London is developing a Climate Emergency Action Plan (CEAP) in direct response to the City of London’s climate emergency declaration.
The Tree Protection by-law is to regulate the injuring and destruction of trees and to encourage preservation and planting of trees throughout the City of London.
The Boulevard Tree Protection by-law’s purpose is the prohibition or regulation of the destruction or injuring of trees on boulevards in London.
London developed the Urban Growth Strategy in 2014 to engage citizens and outline the next steps that the city must take to protect and enhance our urban forest.
A list and description of invasive tree species in London.
Just like humans, trees are susceptible to disease. Diseases usually occur from open wounds in branches or in the trunk, through trauma-induced defoliation, or through other environmental stressors that weaken the tree.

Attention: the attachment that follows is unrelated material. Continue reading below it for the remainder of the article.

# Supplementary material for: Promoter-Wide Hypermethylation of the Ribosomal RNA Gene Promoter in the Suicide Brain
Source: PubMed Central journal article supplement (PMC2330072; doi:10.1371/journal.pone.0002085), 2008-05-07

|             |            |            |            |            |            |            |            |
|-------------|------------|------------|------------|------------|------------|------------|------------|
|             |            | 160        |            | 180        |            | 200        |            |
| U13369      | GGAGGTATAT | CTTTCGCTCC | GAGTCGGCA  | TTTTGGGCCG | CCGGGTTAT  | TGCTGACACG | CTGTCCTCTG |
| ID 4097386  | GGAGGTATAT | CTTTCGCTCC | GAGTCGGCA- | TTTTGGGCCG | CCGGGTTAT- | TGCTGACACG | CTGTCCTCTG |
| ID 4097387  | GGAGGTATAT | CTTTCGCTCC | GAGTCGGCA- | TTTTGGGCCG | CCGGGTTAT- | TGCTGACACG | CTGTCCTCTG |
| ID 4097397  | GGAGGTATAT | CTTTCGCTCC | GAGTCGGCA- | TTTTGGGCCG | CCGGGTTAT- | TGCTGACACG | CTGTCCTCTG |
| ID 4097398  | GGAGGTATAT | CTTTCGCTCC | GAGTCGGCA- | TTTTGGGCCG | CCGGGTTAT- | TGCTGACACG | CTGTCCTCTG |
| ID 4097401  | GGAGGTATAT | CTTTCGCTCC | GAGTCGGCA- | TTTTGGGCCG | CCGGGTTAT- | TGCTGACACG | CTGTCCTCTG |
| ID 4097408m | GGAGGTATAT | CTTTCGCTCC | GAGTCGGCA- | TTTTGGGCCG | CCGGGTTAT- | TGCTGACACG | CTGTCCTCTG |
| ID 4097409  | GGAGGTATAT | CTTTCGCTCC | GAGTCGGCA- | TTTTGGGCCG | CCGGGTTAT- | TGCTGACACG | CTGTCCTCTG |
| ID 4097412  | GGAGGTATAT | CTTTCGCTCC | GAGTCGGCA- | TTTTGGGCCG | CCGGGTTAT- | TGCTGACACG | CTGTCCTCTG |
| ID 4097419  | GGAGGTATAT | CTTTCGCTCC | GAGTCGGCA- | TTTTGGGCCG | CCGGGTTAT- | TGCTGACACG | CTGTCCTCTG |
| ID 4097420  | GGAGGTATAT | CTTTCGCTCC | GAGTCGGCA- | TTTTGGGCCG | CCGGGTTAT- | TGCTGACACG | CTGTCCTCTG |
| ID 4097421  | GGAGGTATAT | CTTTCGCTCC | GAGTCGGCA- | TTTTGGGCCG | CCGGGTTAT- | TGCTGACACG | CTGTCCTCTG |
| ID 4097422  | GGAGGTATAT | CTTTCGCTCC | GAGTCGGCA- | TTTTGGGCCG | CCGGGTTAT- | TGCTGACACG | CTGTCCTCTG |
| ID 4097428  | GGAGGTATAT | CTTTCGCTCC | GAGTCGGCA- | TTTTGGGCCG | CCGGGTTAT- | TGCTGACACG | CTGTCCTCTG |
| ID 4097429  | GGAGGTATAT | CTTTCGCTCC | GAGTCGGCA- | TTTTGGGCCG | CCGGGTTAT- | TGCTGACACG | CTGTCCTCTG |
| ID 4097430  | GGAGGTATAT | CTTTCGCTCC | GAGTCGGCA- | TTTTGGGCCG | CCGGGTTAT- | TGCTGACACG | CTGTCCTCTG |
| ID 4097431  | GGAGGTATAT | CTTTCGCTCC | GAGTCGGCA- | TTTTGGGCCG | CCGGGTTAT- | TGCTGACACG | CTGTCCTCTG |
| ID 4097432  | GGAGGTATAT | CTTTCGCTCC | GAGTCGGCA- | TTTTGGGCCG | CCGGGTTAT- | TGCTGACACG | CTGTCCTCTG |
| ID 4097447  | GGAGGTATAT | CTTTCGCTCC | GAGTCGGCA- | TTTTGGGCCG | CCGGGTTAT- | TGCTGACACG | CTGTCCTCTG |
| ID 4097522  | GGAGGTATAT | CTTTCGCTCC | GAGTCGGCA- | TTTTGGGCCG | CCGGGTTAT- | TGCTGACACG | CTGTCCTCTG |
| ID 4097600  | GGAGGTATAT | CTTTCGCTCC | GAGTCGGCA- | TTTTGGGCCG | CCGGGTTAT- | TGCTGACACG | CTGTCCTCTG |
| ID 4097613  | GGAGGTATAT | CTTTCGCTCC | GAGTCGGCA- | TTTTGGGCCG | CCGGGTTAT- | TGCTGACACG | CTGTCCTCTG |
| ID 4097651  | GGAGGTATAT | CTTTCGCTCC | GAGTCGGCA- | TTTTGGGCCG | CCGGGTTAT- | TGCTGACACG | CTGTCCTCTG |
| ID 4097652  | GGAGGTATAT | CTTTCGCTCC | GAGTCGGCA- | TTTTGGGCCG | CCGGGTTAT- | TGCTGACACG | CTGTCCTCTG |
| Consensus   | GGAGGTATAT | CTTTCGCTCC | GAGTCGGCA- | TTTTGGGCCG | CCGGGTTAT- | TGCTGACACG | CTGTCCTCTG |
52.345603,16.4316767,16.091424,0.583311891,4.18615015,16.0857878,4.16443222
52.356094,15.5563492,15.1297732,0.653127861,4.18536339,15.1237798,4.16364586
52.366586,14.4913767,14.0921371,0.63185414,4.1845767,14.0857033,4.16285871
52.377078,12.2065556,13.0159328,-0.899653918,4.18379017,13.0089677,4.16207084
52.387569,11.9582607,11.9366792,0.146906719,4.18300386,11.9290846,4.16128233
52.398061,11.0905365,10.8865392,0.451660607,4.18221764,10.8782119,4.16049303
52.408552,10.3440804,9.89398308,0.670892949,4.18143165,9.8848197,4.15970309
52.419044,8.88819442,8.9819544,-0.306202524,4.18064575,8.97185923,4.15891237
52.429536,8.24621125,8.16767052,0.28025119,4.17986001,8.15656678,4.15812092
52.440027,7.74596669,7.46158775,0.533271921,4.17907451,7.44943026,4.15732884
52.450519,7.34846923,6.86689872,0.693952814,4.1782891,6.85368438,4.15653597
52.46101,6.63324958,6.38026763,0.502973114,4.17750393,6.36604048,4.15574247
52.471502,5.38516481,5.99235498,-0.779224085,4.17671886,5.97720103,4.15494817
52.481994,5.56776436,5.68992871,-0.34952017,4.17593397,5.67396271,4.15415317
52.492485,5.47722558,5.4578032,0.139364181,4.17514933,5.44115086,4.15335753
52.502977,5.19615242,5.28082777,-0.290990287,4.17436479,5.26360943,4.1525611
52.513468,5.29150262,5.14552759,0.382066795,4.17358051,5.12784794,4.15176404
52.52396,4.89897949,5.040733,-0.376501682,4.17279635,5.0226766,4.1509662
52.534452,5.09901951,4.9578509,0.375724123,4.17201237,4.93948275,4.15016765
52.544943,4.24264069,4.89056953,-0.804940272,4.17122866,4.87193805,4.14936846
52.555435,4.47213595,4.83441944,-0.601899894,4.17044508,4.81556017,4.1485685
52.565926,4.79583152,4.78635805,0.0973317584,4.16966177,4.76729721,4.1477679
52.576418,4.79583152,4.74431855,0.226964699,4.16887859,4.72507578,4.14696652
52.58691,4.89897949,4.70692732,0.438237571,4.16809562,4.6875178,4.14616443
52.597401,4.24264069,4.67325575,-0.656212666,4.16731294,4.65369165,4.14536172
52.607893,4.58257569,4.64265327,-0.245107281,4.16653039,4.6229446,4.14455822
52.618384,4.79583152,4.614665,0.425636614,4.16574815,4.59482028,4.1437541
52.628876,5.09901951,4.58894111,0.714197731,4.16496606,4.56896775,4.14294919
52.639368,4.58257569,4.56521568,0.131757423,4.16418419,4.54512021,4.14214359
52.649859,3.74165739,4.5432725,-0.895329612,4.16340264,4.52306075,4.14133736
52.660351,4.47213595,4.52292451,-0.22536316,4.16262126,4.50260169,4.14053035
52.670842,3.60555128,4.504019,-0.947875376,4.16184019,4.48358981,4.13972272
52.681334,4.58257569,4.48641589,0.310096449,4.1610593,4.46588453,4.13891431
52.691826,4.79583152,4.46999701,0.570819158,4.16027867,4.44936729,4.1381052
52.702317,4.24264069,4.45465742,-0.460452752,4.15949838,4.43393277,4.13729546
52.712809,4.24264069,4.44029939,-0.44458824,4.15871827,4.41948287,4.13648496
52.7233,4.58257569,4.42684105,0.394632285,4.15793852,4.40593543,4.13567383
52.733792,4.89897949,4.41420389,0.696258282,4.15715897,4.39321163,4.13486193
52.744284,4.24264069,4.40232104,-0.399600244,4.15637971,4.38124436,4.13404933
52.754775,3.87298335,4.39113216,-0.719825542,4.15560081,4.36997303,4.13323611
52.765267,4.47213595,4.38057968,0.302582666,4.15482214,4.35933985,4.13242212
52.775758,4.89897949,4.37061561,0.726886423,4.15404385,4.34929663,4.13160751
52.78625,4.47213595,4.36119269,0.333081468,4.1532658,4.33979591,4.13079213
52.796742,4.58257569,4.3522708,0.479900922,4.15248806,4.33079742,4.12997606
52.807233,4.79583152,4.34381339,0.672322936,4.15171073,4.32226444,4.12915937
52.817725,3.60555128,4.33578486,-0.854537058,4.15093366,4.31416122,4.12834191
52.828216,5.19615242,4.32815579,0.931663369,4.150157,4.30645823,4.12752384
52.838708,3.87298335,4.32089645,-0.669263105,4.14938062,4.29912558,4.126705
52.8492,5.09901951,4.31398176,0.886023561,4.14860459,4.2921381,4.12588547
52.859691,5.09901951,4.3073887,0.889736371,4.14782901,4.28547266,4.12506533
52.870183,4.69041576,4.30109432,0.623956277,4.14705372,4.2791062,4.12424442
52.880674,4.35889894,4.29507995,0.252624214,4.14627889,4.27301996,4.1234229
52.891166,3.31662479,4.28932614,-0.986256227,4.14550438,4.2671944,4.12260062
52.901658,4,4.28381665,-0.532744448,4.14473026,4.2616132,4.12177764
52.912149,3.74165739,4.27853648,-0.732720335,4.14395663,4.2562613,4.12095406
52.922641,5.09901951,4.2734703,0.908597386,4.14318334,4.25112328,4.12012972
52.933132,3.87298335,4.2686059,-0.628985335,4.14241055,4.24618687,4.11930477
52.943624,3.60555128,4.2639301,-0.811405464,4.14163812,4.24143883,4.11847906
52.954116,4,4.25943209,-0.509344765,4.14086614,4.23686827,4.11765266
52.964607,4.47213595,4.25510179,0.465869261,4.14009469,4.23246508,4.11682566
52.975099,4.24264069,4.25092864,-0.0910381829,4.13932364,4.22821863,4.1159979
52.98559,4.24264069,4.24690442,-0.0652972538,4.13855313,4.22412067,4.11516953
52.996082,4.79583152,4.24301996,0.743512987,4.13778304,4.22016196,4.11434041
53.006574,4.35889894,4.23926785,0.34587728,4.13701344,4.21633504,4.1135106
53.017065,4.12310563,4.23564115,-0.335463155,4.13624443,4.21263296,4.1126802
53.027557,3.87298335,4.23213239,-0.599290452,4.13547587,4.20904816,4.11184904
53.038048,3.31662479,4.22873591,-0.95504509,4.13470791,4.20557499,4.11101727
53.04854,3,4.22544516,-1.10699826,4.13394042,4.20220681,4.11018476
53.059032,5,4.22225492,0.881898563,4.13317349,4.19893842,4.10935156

There are many pests throughout Southwestern Ontario and in London that have caused extensive damage and death to trees. Typically, these are non-native insects that have been brought over from other countries.
A number of tree and shrub species are listed under the Endangered Species Act in Ontario. This act seeks “to protect species that are at risk and their habitats, and to promote the recovery of species at risk.”
Trees that are not native can pose significant threats to local biodiversity and to the natural ecosystem. Non-native trees tend to reproduce and grow quickly.
How to select the right tree and shrub species in London (choose native!)